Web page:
There’s something appealing in this visceral way about surviving in circumstances that are miles outside your norm.  This guy is not an outdoorsman, he has no idea what he’s doing, but he’s doing what he can with what’s there.  There’s a satisfaction in that.

What do you do to clear your head when writing gets to be too much for the day? Are there any hobbies or little moments you like to soak up in order to unwind?

 

The boring things. Cliche things. Drink too much coffee. Buy office supplies. You feel like you’re doing something when you buy office supplies. Someday that spiral notebook’s gonna be full of stories. And you can never have too many notebooks or pens.

As for as artistic inspirations go, whether it be painter, musician, or writer, who has influenced you and how? What artists have you been drawn to throughout your own endeavors?

 

Flannery O’Connor, Walker Percy, Donald Ray Pollock. Who else. Shirley Jackson. Robert Aickman. I’ve been going through a Dashiell Hammett phase lately. I’m spacing the names of painters. Shit. You know Genieve Figgis?  I like her stuff.

What other projects do you see yourself working on in the future? What aspirations are bouncing around inside of your head? 

 

Oh tons of stuff. I’ve been working on a series of short stories that take place in a lake town.  They share some faces here and there and some locations, but they’re each their own thing. At first I wanted to write it for screen as each one being a few episodes in an anthology, a sort of shared universe thing, but that’s all well outside my wheelhouse. I’ve also been showing around another book, so maybe that’ll pop up soon. And other things.  Always other things. But a lot of that I’ll need to pair with an artist for. That’s down the road stuff.

Any final words, shout outs, or random snippets of information you’d like to share with the readers?

 
Yeah, just enjoy the story, tell a friend, you know? Enjoy the next one too.

 

“Building Bodies” by Jane-Rebecca Cannarella

 

13234320524_be85df044d_o.jpg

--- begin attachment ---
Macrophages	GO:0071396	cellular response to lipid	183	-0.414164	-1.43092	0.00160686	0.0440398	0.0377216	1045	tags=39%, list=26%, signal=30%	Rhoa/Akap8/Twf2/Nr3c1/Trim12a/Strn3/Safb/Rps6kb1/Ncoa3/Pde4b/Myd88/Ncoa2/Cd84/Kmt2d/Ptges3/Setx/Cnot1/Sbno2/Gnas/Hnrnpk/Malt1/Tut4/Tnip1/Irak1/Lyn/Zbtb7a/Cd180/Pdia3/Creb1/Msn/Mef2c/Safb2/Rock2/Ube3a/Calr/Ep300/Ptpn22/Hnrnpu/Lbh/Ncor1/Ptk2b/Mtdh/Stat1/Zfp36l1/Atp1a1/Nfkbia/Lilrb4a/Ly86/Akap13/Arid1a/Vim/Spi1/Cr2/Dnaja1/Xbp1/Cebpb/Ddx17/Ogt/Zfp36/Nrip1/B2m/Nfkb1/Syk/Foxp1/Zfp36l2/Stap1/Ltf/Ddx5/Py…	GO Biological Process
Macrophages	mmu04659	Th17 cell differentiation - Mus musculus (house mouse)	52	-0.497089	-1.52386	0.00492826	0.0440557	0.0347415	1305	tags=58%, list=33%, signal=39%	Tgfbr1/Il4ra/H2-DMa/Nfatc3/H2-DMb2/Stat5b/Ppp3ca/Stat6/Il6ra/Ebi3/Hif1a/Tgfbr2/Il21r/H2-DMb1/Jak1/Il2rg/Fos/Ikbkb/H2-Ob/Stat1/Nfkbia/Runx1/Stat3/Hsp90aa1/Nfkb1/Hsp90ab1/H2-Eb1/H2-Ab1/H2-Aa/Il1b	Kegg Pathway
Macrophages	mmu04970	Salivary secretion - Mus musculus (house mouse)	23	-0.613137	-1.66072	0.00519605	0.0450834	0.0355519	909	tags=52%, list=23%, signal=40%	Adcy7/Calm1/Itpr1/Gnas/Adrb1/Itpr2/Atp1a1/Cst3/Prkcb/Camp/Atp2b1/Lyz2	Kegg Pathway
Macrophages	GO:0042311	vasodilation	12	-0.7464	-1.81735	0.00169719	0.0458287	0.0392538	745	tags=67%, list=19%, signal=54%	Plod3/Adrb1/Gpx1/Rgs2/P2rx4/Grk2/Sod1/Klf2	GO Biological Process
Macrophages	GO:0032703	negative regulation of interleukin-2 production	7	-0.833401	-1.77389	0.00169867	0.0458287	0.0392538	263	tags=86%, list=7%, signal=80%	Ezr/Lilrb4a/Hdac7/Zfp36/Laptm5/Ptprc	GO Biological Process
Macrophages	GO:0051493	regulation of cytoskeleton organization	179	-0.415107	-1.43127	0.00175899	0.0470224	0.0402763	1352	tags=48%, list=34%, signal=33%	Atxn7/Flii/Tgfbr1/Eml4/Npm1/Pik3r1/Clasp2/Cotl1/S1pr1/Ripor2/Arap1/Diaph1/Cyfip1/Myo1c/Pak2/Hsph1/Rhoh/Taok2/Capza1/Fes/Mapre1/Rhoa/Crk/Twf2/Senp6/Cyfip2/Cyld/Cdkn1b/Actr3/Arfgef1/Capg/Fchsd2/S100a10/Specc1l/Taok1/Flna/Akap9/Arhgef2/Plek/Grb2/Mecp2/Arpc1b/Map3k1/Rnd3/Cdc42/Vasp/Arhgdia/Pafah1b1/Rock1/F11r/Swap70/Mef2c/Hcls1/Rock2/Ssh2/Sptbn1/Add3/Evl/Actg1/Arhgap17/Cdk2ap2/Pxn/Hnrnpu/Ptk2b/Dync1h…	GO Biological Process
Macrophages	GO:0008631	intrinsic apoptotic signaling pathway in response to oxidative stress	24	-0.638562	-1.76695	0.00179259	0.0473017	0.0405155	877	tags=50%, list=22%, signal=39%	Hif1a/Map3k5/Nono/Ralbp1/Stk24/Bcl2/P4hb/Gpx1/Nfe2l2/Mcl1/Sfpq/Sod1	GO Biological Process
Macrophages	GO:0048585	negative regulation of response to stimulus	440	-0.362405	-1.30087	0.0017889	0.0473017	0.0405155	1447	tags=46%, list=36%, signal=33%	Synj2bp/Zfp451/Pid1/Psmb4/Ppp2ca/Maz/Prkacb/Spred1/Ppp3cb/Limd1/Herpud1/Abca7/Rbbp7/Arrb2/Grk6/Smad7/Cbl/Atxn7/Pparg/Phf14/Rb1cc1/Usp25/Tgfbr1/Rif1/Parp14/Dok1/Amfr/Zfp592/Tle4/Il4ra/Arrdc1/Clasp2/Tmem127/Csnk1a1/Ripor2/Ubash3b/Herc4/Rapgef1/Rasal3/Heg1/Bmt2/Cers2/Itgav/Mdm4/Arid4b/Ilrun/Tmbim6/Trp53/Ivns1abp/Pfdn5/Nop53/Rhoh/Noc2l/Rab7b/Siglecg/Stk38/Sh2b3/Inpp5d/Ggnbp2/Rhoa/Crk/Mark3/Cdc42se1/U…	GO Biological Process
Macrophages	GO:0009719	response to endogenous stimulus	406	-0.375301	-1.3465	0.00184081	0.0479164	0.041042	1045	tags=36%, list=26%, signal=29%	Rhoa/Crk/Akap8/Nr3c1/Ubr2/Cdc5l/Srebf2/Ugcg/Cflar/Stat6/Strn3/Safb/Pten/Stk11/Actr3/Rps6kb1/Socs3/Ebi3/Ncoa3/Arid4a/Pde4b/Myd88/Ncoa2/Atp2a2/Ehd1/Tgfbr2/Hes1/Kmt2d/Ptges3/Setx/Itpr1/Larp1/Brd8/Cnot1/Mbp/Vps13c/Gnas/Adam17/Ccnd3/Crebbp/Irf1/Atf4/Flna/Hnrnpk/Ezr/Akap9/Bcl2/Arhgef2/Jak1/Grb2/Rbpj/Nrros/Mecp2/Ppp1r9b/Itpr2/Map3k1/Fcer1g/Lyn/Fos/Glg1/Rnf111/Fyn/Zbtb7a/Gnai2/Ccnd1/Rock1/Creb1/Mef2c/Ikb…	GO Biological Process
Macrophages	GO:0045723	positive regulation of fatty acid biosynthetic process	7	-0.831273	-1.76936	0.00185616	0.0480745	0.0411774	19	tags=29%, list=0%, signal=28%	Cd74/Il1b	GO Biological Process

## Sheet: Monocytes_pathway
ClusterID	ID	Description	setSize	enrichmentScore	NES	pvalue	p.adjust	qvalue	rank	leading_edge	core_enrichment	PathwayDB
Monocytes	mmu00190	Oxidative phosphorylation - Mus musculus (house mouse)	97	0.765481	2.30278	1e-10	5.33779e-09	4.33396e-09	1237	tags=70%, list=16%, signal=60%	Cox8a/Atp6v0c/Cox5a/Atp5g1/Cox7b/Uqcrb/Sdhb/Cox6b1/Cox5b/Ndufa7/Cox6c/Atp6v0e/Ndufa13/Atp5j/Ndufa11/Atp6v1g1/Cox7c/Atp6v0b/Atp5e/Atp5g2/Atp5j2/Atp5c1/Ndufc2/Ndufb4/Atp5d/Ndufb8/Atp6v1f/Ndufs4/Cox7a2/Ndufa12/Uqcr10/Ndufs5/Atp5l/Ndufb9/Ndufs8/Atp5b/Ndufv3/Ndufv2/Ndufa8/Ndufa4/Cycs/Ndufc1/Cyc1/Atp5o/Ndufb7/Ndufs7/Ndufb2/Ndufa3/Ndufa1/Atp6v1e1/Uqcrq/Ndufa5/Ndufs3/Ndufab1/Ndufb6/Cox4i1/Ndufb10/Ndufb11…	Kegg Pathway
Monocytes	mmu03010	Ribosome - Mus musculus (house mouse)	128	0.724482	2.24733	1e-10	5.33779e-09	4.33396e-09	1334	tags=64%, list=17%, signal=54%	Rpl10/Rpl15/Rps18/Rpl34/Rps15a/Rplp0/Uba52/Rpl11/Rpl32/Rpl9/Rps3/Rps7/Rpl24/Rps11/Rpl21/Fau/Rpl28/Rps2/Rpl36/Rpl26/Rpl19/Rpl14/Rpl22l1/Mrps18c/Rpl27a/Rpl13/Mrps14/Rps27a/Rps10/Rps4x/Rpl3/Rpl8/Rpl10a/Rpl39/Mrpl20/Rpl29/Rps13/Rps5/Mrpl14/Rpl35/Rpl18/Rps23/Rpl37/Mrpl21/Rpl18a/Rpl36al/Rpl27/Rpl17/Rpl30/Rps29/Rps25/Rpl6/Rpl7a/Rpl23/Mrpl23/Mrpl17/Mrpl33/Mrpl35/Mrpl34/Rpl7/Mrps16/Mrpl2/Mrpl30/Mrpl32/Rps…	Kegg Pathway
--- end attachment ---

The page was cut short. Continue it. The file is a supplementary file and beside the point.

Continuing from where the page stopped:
This morning I touched the swarm of knots at the back of my head to confirm that we had sex last night. I was glad it happened even though I drank too much to remember anything other than you explicitly asking me for my consent and how I bit your freckled shoulder.

My hand still clutched my hair as I reached for my belongings, it was a bun made from motion and when I removed my hand it stayed in its wad. I dressed and moved out of the pillared beam nakedness of your bedroom. The paint stains were the only decoration on the grainy exposed wood and it always felt like you would get a splinter just by being inside.

When I looked in the mirror before I left, I was wrinkled and too-dry. When I was younger I didn’t know that dehydrated skin looks like the creases in clothes after being pulled from a pile of laundry mountain-ing in the corner of a bedroom. But here we are. I am a body made of pleats. I let myself out; there was no one else to see me out, anyway, except your roommate’s cats and they don’t like me.

 

 

On the mud banks of the snow slush train station where I waited for my train, you sent me a text that said, “you’re out of my place, right?” and I respond back “I had to fight a robot to get out but I succeeded,” followed by a bunch of emojis to indicate that I was funny, and casual, and cute when silently I was hurt that the only question was if I was out of your home. What did you think I would do? Stay? …Because in all honesty, that’s what I did for a while. I slept late and held your pillows like they were bodies and it was okay that they didn’t hold me back. The weight of the text asking if I had vacated like a shitty tenant carried itself deep and sunken within me as I thought about how nice the insulation of your blankets had been only a handful of moments ago.

Overly blue days that are also cold are so annoying when you’re in that sort of dull emotional pain that comes with not totally being in pain, feeling feeling-less. It makes the prettiness of passing bright hours feel sharp like pieces of glassy ice against sensitive teeth. The train came as my phone buzzed, and it was you again, and you texted, “you’re such a cool girl. So easy breezy.” And those words were loaded gunmetal grey. I’m not a girl; I’m 34.